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City to Challenge Closed Police Complaint Hearings

By Judith Scherr
Friday May 18, 2007

More than 50 complaints lodged with the Police Review Commission against various Berkeley police officers sit awaiting action at the city’s Police Review Commission offices. 

The commission’s complaint hearings were suspended in September, following the California Supreme Court decision Copley Press v. San Diego. 

Hoping to restart the hearings, the City Council voted 7-0-2 Monday in closed session, with Councilmember Gordon Wozniak abstaining and Council-member Darryl Moore absent, to go back to court and appeal a related local case, Berkeley v. Berkeley Police Association (BPA). 

The court ruling in favor of the BPA is similar to the Supreme Court decision: both say a police officer’s record, including complaints against the officer, are personnel matters that cannot be made public.  

The grounds on which City Attorney Manuela Albuquerque intends to appeal the Berkeley v. BPA ruling have not been made public. In arguments with which the court disagreed, Albuquerque contended that since the PRC does not determine whether or how officers are to be disciplined, which is the city manager’s responsibility, personnel confidentiality is not violated under Berkeley’s complaint system and the Copley case does not apply to the city. 

Given the growing number of unheard complaints against the Berkeley police, the Police Review Commission voted to hold their boards of inquiry behind closed doors until such time as they could again hold them in public.  

This is what Oakland is doing, according to PRC Officer Victoria Urbi, who, with the city attorney, wrote draft regulations for closed hearings patterned on Oakland’s closed hearing regulations. (Oakland and all the other California jurisdictions with police complaint processes suspended open hearings around the same time that Berkeley did.)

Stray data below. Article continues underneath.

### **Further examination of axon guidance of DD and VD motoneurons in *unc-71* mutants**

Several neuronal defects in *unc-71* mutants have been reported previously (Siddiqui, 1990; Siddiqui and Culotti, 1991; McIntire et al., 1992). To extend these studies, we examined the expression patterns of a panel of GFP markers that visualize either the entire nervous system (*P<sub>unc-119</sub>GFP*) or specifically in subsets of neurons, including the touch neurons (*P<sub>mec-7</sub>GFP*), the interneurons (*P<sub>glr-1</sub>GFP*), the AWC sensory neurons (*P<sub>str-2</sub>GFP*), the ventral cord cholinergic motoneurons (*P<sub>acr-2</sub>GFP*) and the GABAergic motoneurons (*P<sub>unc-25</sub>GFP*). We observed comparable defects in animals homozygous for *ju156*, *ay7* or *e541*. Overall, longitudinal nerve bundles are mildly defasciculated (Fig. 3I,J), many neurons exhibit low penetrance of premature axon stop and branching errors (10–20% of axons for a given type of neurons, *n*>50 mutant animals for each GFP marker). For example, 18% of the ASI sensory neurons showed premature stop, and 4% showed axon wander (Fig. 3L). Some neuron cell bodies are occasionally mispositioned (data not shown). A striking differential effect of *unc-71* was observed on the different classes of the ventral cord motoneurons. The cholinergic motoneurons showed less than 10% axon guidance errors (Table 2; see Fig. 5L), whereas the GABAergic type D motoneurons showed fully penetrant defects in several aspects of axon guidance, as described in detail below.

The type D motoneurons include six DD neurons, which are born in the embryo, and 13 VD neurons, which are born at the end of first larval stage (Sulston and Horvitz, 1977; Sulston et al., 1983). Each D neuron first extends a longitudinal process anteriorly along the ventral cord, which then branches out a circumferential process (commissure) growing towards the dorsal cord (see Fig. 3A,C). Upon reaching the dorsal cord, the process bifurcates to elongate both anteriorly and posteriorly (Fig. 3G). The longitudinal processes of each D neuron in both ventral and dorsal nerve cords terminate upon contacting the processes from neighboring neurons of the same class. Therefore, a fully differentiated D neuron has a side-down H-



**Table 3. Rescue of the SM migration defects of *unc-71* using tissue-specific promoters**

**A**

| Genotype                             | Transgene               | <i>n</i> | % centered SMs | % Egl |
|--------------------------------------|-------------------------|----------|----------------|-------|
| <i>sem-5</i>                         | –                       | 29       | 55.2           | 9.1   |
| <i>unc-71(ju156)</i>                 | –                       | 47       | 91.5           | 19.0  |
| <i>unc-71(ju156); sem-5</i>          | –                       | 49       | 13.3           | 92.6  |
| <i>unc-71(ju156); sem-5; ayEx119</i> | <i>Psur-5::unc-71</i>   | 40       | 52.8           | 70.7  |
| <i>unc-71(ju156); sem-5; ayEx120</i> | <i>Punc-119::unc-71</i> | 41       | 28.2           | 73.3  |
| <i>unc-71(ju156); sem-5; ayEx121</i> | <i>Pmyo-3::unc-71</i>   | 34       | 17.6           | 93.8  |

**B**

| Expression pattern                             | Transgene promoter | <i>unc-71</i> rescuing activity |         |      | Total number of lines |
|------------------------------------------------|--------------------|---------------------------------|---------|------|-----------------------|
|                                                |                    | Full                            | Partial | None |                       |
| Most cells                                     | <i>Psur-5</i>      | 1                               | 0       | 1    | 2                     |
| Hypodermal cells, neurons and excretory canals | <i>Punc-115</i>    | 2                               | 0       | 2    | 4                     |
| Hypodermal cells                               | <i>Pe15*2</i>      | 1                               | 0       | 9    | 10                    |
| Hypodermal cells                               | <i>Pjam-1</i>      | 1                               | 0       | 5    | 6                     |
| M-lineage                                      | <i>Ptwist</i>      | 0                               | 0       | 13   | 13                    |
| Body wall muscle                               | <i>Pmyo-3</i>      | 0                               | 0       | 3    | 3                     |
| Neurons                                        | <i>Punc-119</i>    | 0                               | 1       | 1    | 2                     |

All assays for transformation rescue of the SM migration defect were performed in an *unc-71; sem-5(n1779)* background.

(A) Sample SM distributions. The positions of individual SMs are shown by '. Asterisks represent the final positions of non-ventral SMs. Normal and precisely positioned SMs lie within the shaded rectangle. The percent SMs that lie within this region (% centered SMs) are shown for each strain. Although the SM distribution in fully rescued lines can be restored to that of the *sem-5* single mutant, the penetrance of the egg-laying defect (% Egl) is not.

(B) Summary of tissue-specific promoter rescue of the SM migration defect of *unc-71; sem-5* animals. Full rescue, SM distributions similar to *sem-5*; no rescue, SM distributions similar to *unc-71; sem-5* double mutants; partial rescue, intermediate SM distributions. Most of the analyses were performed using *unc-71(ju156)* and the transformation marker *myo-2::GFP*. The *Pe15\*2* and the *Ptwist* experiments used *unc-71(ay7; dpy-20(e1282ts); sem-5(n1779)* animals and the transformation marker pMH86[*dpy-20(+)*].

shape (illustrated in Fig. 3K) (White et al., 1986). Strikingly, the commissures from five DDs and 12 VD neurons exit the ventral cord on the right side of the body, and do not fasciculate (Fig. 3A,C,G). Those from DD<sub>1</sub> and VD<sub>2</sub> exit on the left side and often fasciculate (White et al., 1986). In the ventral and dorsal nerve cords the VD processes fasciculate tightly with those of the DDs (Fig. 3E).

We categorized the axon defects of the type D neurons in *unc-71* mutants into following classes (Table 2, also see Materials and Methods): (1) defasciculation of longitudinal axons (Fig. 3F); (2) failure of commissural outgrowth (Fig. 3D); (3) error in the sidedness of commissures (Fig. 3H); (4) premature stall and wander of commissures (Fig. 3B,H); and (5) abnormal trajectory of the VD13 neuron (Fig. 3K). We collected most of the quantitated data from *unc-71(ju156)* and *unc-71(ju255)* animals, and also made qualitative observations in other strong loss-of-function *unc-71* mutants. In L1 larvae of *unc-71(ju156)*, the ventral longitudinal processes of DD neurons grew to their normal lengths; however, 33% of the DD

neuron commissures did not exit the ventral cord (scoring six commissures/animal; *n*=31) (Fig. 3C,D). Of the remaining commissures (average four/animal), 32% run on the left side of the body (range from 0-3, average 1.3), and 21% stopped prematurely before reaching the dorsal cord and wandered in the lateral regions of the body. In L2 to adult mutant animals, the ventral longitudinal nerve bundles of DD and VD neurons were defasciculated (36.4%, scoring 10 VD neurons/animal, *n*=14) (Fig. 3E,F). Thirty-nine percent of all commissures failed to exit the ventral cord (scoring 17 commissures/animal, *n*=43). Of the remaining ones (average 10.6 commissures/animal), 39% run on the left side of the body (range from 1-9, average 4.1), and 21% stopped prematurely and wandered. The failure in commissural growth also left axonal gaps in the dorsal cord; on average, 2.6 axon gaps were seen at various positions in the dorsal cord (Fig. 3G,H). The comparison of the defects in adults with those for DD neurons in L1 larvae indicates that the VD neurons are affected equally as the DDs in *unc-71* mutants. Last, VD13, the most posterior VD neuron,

Urbi said that Oakland’s police union sat down with that city’s police commission and agreed on rules to hold complaint hearings behind closed doors. 

In Berkeley, however, “the Association has not weighed in on the [proposed] regulations,” City Attorney Manuela Albuquerque told the Daily Planet, saying that the BPA attorneys said they were going to put a proposal in writing, but never did. 

“They never sent us anything,” Albuquerque said. “I consider them to be obstructionist.” 

“They’ve been using stalling tactics to hold off our hearings,” Urbi said. 

Attorney Jim Chanin, a former PRC commissioner who helped found the commission 30 years ago, agreed: “They don’t want closed hearings,” he said. “They don’t want civilian review.” 

However, BPA President Officer Henry Wellington said they have offered to meet: “We have diligently tried at every turn to see how we can move forward,” he told the Planet, arguing that simply posting a draft on the city’s website or putting in a PRC agenda packet with only a few days notice is inadequate. “No one has asked us to sit down,” he said. 

In an April 24 letter BPA attorney Allison Berry-Wilkinson wrote to Albuquerque saying that if new regulations are proposed, they must be submitted to the BPA under a formal “meet and confer” process that is generally part of contract negotiations. 

PRC Commission Chair Sharon Kidd and Commissioner Michael Sherman both told the Planet they surmised, after the closed-door meeting in which the PRC sat with the City Council, that if the city attempted to hold closed door police complaint hearings, the union would take the city to court. 

Berry-Wilkenson’s letter seems to indicate that: “Please be advised that the Berkeley Police Association intends to exercise its right to meet and confer prior to any proposed regulation changes and will enforce that right, if necessary, through further legal proceedings.”